ROJASBut Arabic influence, I don't know that I've ever seen it, other than I'm trying to think of any Middle Eastern pastry that's similar, and I -- that's more honey, nuts, that I'm familiar with. So you've thrown me for a curve ball.
NNAMDISomething we picked up in our research. We got this e-mail from Marion. "I live in the Takoma/Silver Spring area, and have, of course, become addicted to Peruvian chicken. But where oh where can we workers find a Peruvian chicken restaurant in downtown D.C.?"
ROJASDowntown D.C. is tough.
NNAMDIYes, I thought as much.
ROJASYeah. Unfortunately, all of the ones that I know of are, you know, Rockville, Wheaton, and certainly the northern Virginia suburbs. I bet probably the closest you're gonna get is Nando's Peri Peri, which is, of course, African chicken, which mimics a lot of the Peruvian flavors, but is much spicier because of the Peri Peri pepper. But, yeah, I can't -- off the top of my head -- a Peruvian chicken joint downtown is not jumping out.
NNAMDIHere is Audrey in Rockville, Md. Hi, Audrey.
AUDREYHi Kojo. You guys -- your guests were talking a lot about Peruvian chicken joints in D.C. and in Arlington and Northern Virginia. But he didn't say anything about, until just now, Rockville or Wheaton, and there's a Don Polly in Twin Brook that's also really good.
NNAMDIDon Pollo in Twin Brooks, thank you very much for sharing that with us, Audrey. Here is Joe in Vienna, Va., who I think would also like to share. Joe, your turn.
JOEHello, Kojo. Thank you for taking my call. I was just calling to actually -- there's another restaurant I wanted to recommend in Gaithersburg, Md., called the Nibbler, and I was wondering if any of any of your guests were familiar with that?
NNAMDIThe Nibbler? No.
ROJASI've heard of it, but I've not been. The only places I've tried out that way was actually, there's a new place Rockville -- right on Rockville Pike called Kickin' Chicken that I was at recently. Lovely bird, so good, in fact, that the day that I went the attendant was flabbergasted. I arrived, you know, shortly after what I, you know, well, what I consider to still be the lunch rush. All he had left was a quarter and like a wing.
ROJASAnd he said, I'm sorry, we just opened, we didn't expect this rush. But, you know, he seemed happy for the business. So obviously, you know, even a new place doesn't take long before word of mouth spreads like wildfire.
NNAMDIYvette, a lot entrepreneurs, the majority of whom are immigrants, open and operate successful Peruvian rotisseries. You yourself are a restaurant owner. Can you explain what kinds of challenges face these restaurant owners?
ZARAGOZAWell, I used to be a restaurant owner. I find that I love to advise people on restaurants, but it's a tough industry. It's many hours of work, and it's -- although the pay is really good, you can eat all you want. But I would say as, again, in my work through LABC, I see many entrepreneurs that want to want to start businesses. Um, and of course you have to have a good business idea. You have to have a marketing plan in place, licensing, and LADC can provide assistance in all that.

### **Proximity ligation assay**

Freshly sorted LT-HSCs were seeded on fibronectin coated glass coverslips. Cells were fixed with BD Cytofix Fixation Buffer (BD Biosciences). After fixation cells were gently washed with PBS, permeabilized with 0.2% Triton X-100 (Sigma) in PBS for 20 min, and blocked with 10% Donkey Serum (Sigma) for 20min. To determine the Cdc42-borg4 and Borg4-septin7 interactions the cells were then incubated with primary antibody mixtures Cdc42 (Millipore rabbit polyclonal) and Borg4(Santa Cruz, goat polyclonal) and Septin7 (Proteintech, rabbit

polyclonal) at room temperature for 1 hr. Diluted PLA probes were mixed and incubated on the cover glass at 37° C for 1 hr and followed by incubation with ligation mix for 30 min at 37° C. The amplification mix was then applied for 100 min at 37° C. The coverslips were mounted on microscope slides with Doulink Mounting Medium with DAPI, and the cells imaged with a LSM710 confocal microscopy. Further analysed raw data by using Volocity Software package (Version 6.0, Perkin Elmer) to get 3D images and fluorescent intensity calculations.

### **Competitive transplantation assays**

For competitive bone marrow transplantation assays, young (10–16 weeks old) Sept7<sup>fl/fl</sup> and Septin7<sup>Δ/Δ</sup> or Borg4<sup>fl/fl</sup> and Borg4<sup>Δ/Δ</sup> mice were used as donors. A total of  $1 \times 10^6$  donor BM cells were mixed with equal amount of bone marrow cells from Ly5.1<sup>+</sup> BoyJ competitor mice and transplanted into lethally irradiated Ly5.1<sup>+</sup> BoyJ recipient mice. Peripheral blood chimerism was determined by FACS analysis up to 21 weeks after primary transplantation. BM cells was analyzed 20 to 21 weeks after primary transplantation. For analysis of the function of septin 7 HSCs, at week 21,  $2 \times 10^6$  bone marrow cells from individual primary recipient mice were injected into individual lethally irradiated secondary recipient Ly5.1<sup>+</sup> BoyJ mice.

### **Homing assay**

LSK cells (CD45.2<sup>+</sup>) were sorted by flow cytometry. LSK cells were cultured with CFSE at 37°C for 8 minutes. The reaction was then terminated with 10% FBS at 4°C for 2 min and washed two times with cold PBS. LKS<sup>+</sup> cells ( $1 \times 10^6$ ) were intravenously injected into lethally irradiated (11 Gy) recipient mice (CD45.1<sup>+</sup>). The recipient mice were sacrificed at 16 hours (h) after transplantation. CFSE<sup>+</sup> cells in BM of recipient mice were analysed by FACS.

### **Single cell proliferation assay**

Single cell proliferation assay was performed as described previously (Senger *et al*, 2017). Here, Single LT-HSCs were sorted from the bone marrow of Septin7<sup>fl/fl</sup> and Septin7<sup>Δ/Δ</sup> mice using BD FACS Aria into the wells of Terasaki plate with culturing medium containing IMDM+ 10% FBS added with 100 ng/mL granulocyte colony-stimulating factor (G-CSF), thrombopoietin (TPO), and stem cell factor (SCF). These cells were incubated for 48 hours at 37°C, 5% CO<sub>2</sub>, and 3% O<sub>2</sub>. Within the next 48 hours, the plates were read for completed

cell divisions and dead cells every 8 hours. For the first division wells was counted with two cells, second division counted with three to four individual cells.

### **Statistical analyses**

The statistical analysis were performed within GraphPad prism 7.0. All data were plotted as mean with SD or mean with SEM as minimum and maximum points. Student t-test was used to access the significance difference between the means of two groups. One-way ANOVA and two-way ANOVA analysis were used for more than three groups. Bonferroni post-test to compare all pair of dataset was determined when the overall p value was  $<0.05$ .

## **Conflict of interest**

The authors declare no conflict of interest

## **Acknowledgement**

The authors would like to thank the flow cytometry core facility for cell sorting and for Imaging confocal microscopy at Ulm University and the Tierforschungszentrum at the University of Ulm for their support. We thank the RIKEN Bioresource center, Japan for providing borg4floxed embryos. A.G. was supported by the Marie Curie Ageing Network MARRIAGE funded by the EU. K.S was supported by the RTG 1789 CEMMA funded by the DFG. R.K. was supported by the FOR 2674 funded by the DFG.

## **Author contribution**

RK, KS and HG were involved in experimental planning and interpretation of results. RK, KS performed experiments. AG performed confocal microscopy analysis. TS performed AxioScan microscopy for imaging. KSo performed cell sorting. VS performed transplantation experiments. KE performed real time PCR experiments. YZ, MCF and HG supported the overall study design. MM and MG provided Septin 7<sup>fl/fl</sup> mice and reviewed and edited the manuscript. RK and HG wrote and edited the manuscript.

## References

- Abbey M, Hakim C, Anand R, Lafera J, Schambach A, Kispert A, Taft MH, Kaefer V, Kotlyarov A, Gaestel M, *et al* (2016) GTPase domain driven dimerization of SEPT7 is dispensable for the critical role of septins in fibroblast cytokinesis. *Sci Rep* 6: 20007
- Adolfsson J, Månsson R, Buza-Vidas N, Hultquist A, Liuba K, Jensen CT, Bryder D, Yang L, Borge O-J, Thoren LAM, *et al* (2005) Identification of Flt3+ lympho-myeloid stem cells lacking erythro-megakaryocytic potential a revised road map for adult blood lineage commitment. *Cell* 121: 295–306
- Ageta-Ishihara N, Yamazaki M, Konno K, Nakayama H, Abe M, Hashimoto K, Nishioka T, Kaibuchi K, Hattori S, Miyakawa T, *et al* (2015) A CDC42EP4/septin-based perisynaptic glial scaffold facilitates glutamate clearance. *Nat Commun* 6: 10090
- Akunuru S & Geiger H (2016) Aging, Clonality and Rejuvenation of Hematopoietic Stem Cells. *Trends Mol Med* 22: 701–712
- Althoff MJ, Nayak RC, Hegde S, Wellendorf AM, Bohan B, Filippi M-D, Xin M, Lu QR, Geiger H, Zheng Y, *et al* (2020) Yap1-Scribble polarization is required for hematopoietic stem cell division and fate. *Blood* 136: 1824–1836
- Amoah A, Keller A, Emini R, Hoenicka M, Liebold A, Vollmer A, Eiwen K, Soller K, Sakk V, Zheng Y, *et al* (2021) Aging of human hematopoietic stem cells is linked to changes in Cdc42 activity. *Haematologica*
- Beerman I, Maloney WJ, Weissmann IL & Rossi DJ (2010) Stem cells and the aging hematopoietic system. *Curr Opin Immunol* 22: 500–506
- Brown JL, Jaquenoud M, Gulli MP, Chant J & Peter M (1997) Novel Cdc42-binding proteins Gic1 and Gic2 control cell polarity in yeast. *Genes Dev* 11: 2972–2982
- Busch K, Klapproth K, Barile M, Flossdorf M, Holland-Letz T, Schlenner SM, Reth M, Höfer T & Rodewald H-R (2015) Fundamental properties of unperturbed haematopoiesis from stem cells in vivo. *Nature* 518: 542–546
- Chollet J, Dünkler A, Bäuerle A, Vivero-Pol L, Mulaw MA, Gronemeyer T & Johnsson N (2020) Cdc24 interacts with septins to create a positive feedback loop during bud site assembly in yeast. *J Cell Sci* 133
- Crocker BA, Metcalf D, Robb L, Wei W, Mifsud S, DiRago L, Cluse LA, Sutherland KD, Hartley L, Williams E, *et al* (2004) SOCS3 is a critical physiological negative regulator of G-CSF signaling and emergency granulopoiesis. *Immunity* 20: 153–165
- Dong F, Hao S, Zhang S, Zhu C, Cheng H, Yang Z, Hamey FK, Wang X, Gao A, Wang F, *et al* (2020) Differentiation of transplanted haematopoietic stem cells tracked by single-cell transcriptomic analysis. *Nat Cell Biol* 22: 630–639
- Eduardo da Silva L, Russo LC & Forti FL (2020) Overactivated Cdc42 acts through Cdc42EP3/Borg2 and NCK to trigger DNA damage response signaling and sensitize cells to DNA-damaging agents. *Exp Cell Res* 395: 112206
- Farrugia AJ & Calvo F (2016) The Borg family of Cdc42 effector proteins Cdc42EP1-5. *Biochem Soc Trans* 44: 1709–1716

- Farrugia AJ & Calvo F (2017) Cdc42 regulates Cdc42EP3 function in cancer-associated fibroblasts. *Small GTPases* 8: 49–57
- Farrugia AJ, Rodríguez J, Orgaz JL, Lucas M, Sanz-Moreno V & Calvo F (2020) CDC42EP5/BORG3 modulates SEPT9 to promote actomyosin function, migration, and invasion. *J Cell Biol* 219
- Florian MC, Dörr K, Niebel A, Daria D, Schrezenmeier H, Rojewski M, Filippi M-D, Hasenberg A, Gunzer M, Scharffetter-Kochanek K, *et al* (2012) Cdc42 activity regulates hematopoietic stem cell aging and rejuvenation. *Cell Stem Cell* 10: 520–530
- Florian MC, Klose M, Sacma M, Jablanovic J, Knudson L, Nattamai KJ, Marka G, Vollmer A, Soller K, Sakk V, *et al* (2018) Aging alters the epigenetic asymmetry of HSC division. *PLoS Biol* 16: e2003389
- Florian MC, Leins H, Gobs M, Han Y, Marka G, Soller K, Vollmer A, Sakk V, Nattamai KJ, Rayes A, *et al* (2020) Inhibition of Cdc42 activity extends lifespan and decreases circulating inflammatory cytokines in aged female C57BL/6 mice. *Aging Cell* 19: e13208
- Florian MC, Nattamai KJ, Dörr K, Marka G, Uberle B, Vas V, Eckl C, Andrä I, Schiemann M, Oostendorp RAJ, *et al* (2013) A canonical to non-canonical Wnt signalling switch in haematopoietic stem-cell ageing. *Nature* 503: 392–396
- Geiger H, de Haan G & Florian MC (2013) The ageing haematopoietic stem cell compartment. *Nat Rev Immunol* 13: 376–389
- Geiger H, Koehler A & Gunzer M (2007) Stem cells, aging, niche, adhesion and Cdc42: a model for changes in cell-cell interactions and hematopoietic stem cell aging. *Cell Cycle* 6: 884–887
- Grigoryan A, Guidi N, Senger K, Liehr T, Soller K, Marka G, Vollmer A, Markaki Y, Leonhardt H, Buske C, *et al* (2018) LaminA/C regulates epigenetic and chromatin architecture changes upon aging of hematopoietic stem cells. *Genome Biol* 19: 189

ZARAGOZAHowever, when it comes down to Peruvian chicken, we talked about the recipe already. It's very hard to obtain. But you have to also purchase a patented oven called (word?) what has a very -- I don't know if you've seen it. You can see the pollos from the outside, and it rotates in two different ways. Also, I would say that it's very difficult to brand it. Even though everybody knows what Peruvian chicken is, the reality is that you can go to many restaurants, and no two pollos are the same.
ZARAGOZAEach, as you mentioned Warren, each person or each business owner has adapted the basic Peruvian chicken recipe to their particular taste, and it's really hard to...
NNAMDII'm afraid we're just about out of time. We gotta help Warren get a (word?) at his house for the next birthday that his daughter has.
ROJASPlease do. Please do.
NNAMDIWarren Rojas is the dining editor for Northern Virginia Magazine. Thank you for joining us.
ROJASThank you, sir.
NNAMDIAnd Yvette Zaragoza is the regional training manager for the Latino Economic Development Corporation. Thank you for joining us.
ZARAGOZAThank you, Kojo.
NNAMDI"The Kojo Nnamdi Show" is produced by Brendan Sweeney, Tara Boyle, Michael Martinez and Ingalisa Schrobsdorff, with help from Kathy Goldgeier and Elizabeth Weinstein. Help also from A.C. Valdez and Anne Hoffman. The engineer today is Andrew Chadwick. Dorie Anisman has been on the phones. Thank you all for listening. I'm Kojo Nnamdi.